Windows 11 users can look forward to a slew of security updates going forward, including a new feature called Smart App Control that's designed to stop you from unknowingly running malicious apps on your PC.
But there's a catch: If you decided to upgrade to Windows 11 instead of buying a PC with Windows 11 pre-installed, you'll have to reset your PC in order to enable Smart App Control.
That detail comes to us courtesy of a Microsoft blog post published Tuesday (April 5) that offers a brief rundown of some of the new security features planned for Windows 11. The post is attributed to Microsoft Enterprise and OS Security VP David Weston, and it speaks to how Smart App Control and other security features are being developed with hybrid work in mind.
"Using code signing along with AI, our new Smart App Control only allows processes to run that are predicted to be safe based on either code certificates or an AI model for application trust within the Microsoft cloud," according to the blog post. "Model inference occurs 24 hours a day on the latest threat intelligence that provides trillions of signals. When a new application is run on Windows 11, its core signing and core features are checked against this model, ensuring only known safe applications are allowed to run."
Smart App Control will ship on new devices with Windows 11 installed," it continues. "Devices running previous versions of Windows 11 will have to be reset and have a clean installation of Windows 11 to take advantage of this feature."
Put simply, Microsoft is adding a nanny feature to Windows 11 that will warn you (and perhaps do more than that) if it thinks an app you've downloaded is a threat or nuisance to you or your PC. On the surface, it appears very similar to extant Windows security features like Windows Defender (aka Microsoft Defender Antivirus), which uses machine learning and analysis of big data sets to suss out whether files on your PC are bad news or not.
While we don't yet know when Smart App Control will become available for all Windows 11 users, an early version of the feature already rolled out to Windows Insiders on the Dev Channel last month as part of Windows 11 Insider Preview Build 22567.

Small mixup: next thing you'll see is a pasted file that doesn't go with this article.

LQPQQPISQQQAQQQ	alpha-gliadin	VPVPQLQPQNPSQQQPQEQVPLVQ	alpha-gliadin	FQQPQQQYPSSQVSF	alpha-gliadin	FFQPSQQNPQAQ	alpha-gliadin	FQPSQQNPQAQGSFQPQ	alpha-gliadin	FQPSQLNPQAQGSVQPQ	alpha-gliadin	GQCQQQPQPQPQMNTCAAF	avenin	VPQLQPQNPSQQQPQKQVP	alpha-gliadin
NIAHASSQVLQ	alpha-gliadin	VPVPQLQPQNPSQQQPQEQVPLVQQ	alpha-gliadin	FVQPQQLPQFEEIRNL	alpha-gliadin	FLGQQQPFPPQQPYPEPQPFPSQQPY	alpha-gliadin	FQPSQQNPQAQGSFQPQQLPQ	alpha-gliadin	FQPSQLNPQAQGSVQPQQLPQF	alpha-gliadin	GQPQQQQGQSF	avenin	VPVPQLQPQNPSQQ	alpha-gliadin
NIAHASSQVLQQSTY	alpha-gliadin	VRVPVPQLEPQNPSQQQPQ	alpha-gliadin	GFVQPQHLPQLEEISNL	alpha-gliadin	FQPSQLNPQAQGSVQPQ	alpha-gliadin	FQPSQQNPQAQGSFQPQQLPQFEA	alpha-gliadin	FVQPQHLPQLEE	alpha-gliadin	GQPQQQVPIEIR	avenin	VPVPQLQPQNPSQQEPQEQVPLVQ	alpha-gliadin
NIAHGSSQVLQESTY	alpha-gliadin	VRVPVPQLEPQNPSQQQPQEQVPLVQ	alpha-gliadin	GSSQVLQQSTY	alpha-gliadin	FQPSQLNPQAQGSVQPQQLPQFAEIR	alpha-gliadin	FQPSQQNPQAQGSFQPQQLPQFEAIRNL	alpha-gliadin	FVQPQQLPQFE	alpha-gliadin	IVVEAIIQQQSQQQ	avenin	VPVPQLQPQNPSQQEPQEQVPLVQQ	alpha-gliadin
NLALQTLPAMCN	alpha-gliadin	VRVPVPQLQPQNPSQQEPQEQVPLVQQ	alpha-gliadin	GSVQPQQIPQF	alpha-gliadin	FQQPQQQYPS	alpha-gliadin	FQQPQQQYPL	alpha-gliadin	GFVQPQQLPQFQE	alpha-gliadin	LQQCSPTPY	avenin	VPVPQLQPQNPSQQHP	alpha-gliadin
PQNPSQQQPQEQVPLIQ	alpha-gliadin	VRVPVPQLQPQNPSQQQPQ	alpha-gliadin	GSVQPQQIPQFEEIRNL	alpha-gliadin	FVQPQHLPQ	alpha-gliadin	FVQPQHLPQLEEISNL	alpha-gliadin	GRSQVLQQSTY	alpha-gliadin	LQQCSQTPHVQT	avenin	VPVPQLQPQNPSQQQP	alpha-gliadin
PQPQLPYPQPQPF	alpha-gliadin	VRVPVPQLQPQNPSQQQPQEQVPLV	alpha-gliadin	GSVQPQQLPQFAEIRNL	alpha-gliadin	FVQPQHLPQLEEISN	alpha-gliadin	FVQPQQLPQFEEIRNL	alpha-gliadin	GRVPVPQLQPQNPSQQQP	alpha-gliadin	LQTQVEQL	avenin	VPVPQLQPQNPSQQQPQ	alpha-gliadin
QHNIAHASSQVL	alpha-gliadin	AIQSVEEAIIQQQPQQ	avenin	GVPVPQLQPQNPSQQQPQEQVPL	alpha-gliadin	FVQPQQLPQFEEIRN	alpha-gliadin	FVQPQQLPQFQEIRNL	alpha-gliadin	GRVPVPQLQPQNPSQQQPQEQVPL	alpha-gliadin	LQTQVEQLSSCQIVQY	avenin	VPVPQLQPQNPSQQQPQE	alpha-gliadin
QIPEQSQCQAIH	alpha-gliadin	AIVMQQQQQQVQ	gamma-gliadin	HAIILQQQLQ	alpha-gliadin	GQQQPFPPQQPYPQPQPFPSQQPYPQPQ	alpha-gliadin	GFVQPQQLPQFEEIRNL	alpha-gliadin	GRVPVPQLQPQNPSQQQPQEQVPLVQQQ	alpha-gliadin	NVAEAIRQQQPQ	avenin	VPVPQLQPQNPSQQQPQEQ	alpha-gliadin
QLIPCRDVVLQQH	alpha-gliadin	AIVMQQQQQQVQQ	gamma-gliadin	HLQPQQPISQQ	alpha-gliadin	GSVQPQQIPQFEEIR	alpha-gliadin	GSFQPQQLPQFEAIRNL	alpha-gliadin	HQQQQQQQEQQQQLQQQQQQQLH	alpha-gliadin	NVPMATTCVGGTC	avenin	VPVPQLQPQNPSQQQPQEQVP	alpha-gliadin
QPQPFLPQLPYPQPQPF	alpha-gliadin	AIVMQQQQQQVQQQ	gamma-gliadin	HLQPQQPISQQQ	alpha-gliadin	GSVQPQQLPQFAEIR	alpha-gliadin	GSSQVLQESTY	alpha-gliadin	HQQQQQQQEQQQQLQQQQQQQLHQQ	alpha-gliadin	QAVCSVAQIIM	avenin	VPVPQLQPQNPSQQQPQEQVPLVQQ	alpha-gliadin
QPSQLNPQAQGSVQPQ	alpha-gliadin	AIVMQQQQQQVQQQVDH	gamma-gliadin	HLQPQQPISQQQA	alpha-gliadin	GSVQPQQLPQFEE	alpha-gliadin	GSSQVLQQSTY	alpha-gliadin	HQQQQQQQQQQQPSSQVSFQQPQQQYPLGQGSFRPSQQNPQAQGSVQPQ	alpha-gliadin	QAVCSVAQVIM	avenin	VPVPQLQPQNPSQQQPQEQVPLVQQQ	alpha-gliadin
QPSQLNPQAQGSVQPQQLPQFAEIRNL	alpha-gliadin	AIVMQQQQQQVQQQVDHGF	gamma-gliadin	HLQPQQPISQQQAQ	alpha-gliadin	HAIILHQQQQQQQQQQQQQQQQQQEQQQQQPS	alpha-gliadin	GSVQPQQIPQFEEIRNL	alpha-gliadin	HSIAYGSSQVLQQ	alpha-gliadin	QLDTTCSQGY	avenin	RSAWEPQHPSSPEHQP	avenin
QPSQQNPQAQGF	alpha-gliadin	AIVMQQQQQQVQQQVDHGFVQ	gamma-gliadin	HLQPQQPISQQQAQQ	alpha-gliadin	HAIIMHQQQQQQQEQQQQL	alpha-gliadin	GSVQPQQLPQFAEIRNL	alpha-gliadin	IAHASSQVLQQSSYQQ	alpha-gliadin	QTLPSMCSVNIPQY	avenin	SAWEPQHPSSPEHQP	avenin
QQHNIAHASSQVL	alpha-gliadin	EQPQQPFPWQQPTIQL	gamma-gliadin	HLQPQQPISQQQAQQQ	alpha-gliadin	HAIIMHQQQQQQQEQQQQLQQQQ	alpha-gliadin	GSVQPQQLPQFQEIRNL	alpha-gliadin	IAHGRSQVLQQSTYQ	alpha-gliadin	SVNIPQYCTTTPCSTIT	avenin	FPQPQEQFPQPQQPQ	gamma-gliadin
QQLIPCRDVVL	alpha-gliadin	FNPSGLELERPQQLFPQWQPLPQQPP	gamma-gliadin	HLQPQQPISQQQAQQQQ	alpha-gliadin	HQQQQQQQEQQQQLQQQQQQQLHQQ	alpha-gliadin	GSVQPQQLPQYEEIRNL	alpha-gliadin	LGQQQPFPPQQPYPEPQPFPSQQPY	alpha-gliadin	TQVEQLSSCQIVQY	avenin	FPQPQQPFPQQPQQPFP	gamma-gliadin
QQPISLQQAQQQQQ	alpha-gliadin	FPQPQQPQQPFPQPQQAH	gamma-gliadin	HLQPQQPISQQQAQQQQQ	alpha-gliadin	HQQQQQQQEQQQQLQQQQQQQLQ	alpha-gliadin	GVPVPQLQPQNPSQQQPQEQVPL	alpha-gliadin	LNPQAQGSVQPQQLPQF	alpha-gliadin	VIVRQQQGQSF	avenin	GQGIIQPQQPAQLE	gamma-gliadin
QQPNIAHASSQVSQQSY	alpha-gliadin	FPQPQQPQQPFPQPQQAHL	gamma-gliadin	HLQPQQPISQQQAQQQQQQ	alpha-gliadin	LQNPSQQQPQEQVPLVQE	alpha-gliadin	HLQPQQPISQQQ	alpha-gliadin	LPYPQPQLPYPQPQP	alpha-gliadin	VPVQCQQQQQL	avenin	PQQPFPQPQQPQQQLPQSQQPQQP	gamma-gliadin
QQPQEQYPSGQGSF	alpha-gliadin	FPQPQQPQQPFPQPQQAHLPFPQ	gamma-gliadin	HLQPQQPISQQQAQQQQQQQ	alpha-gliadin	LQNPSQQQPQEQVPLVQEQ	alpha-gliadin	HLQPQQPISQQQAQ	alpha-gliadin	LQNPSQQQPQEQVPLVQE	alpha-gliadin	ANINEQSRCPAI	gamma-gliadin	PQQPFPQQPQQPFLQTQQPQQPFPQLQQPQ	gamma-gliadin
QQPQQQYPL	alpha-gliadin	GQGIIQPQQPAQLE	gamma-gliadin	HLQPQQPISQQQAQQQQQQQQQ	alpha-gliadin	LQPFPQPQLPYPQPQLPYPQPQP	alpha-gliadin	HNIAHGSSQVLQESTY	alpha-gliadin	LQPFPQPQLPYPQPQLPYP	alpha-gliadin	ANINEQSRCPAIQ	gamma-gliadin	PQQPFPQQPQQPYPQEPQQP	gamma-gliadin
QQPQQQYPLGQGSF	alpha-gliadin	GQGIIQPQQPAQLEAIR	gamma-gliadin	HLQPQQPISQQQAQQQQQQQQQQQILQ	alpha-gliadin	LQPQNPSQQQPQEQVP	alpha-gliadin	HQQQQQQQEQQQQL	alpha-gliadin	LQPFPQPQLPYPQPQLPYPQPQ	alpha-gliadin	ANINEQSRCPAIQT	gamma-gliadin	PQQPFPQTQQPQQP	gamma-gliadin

In the release notes for that preview build Microsoft explains a bit about how SAC works: It starts off in an "evaluation mode" in which it attempts to gather information about your PC and how it can help "without getting in your way too much", according to Microsoft. If it decides it can help you, it will evidently switch itself on automatically; otherwise, it will switch itself off. You can choose not to wait and just switch it on or off using a new Smart App Control control panel in the App & browser control section of the Windows 11 Security app.
However, here again there's a catch: If you disable Smart App Control, Microsoft says you will have to reset your PC to enable it again. But if you enable Smart App Control and it decides a given app is untrustworthy and shouldn't be run, there's no way to make an exception and tell Windows to run it anyway.
"There is currently no way to bypass Smart App Control protection for individual apps," according to a Microsoft support page for the feature. "You can turn Smart App Control off, or (better yet), contact the developer of the app and encourage them to sign their app with a valid signature."
This seems like a bad way to set up a hands-off security feature that will be rolling out to the growing (albeit slowly) number of people using Windows 11. A cursory glance at the Smart App Control section of the Windows Feedback Hub (which you can access on Windows by hitting Win + F) already shows a number of complaints from early users frustrated by SAC restricting access to things like driver updates, Kasperksy Antivirus and Steam.
We'll have to wait and see for ourselves how well Smart App Control works once it goes through the Windows Insider testing process and is released as a general Windows 11 update. Right now we expect to see it debut in the latter half of 2022 as part of the big Windows 11 22H2 update that's coming down the pike. Hopefully by then Microsoft will have added some more granular control options that let you choose how and when Smart App Control manages apps on your PC.